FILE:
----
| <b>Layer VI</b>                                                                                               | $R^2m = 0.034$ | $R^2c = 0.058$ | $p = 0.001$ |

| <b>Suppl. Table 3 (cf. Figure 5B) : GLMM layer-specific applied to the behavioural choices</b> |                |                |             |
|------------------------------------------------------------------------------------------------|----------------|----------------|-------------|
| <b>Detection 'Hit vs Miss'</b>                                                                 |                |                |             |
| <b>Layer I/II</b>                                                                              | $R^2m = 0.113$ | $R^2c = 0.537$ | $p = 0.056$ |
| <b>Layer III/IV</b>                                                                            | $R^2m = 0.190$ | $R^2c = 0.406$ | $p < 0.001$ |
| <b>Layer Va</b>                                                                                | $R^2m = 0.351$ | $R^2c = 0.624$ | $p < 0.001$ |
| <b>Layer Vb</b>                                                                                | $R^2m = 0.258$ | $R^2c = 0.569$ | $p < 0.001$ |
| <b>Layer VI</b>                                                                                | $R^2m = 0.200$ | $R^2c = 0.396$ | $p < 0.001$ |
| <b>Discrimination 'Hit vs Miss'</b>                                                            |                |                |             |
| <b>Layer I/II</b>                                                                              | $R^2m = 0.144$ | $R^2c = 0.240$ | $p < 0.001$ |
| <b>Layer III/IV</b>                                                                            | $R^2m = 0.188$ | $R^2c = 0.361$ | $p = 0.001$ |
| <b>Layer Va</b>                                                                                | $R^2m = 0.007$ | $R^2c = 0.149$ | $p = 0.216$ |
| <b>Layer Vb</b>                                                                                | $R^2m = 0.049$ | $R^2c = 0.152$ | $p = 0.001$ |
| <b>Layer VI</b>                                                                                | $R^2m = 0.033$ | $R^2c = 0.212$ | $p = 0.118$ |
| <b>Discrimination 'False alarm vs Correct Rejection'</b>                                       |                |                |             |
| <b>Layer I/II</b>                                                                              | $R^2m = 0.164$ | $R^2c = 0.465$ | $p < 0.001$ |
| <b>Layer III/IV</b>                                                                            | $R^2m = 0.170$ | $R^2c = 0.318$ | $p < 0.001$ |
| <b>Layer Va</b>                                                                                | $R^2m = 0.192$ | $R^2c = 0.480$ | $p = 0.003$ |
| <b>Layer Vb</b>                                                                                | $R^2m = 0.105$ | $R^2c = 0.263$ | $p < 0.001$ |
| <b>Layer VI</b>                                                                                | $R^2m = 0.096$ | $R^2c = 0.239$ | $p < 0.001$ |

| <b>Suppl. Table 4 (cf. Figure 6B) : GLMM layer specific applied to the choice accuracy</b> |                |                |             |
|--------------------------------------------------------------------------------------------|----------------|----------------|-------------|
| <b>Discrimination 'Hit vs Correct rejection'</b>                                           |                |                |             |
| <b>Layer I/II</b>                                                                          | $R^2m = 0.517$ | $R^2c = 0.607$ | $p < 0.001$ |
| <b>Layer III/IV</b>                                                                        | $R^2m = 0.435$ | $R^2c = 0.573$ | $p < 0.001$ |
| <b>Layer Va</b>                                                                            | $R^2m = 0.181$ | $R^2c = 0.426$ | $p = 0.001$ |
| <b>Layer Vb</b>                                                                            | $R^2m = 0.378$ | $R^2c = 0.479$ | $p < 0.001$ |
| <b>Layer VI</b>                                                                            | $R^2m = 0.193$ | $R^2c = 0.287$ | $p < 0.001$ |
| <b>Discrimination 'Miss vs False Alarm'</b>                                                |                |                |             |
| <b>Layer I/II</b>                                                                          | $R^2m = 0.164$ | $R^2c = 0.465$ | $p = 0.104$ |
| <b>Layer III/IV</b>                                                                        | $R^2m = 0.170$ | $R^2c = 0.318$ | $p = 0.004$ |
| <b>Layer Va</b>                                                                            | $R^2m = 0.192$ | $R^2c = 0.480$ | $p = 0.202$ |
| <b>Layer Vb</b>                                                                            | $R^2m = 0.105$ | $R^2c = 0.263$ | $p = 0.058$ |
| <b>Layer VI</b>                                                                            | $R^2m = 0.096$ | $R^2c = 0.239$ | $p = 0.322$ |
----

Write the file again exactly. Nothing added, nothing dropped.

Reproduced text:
| <b>Layer VI</b>                                                                                               | $R^2m = 0.034$ | $R^2c = 0.058$ | $p = 0.001$ |

| <b>Suppl. Table 3 (cf. Figure 5B) : GLMM layer-specific applied to the behavioural choices</b> |                |                |             |
|------------------------------------------------------------------------------------------------|----------------|----------------|-------------|
| <b>Detection 'Hit vs Miss'</b>                                                                 |                |                |             |
| <b>Layer I/II</b>                                                                              | $R^2m = 0.113$ | $R^2c = 0.537$ | $p = 0.056$ |
| <b>Layer III/IV</b>                                                                            | $R^2m = 0.190$ | $R^2c = 0.406$ | $p < 0.001$ |
| <b>Layer Va</b>                                                                                | $R^2m = 0.351$ | $R^2c = 0.624$ | $p < 0.001$ |
| <b>Layer Vb</b>                                                                                | $R^2m = 0.258$ | $R^2c = 0.569$ | $p < 0.001$ |
| <b>Layer VI</b>                                                                                | $R^2m = 0.200$ | $R^2c = 0.396$ | $p < 0.001$ |
| <b>Discrimination 'Hit vs Miss'</b>                                                            |                |                |             |
| <b>Layer I/II</b>                                                                              | $R^2m = 0.144$ | $R^2c = 0.240$ | $p < 0.001$ |
| <b>Layer III/IV</b>                                                                            | $R^2m = 0.188$ | $R^2c = 0.361$ | $p = 0.001$ |
| <b>Layer Va</b>                                                                                | $R^2m = 0.007$ | $R^2c = 0.149$ | $p = 0.216$ |
| <b>Layer Vb</b>                                                                                | $R^2m = 0.049$ | $R^2c = 0.152$ | $p = 0.001$ |
| <b>Layer VI</b>                                                                                | $R^2m = 0.033$ | $R^2c = 0.212$ | $p = 0.118$ |
| <b>Discrimination 'False alarm vs Correct Rejection'</b>                                       |                |                |             |
| <b>Layer I/II</b>                                                                              | $R^2m = 0.164$ | $R^2c = 0.465$ | $p < 0.001$ |
| <b>Layer III/IV</b>                                                                            | $R^2m = 0.170$ | $R^2c = 0.318$ | $p < 0.001$ |
| <b>Layer Va</b>                                                                                | $R^2m = 0.192$ | $R^2c = 0.480$ | $p = 0.003$ |
| <b>Layer Vb</b>                                                                                | $R^2m = 0.105$ | $R^2c = 0.263$ | $p < 0.001$ |
| <b>Layer VI</b>                                                                                | $R^2m = 0.096$ | $R^2c = 0.239$ | $p < 0.001$ |

| <b>Suppl. Table 4 (cf. Figure 6B) : GLMM layer specific applied to the choice accuracy</b> |                |                |             |
|--------------------------------------------------------------------------------------------|----------------|----------------|-------------|
| <b>Discrimination 'Hit vs Correct rejection'</b>                                           |                |                |             |
| <b>Layer I/II</b>                                                                          | $R^2m = 0.517$ | $R^2c = 0.607$ | $p < 0.001$ |
| <b>Layer III/IV</b>                                                                        | $R^2m = 0.435$ | $R^2c = 0.573$ | $p < 0.001$ |
| <b>Layer Va</b>                                                                            | $R^2m = 0.181$ | $R^2c = 0.426$ | $p = 0.001$ |
| <b>Layer Vb</b>                                                                            | $R^2m = 0.378$ | $R^2c = 0.479$ | $p < 0.001$ |
| <b>Layer VI</b>                                                                            | $R^2m = 0.193$ | $R^2c = 0.287$ | $p < 0.001$ |
| <b>Discrimination 'Miss vs False Alarm'</b>                                                |                |                |             |
| <b>Layer I/II</b>                                                                          | $R^2m = 0.164$ | $R^2c = 0.465$ | $p = 0.104$ |
| <b>Layer III/IV</b>                                                                        | $R^2m = 0.170$ | $R^2c = 0.318$ | $p = 0.004$ |
| <b>Layer Va</b>                                                                            | $R^2m = 0.192$ | $R^2c = 0.480$ | $p = 0.202$ |
| <b>Layer Vb</b>                                                                            | $R^2m = 0.105$ | $R^2c = 0.263$ | $p = 0.058$ |
| <b>Layer VI</b>                                                                            | $R^2m = 0.096$ | $R^2c = 0.239$ | $p = 0.322$ |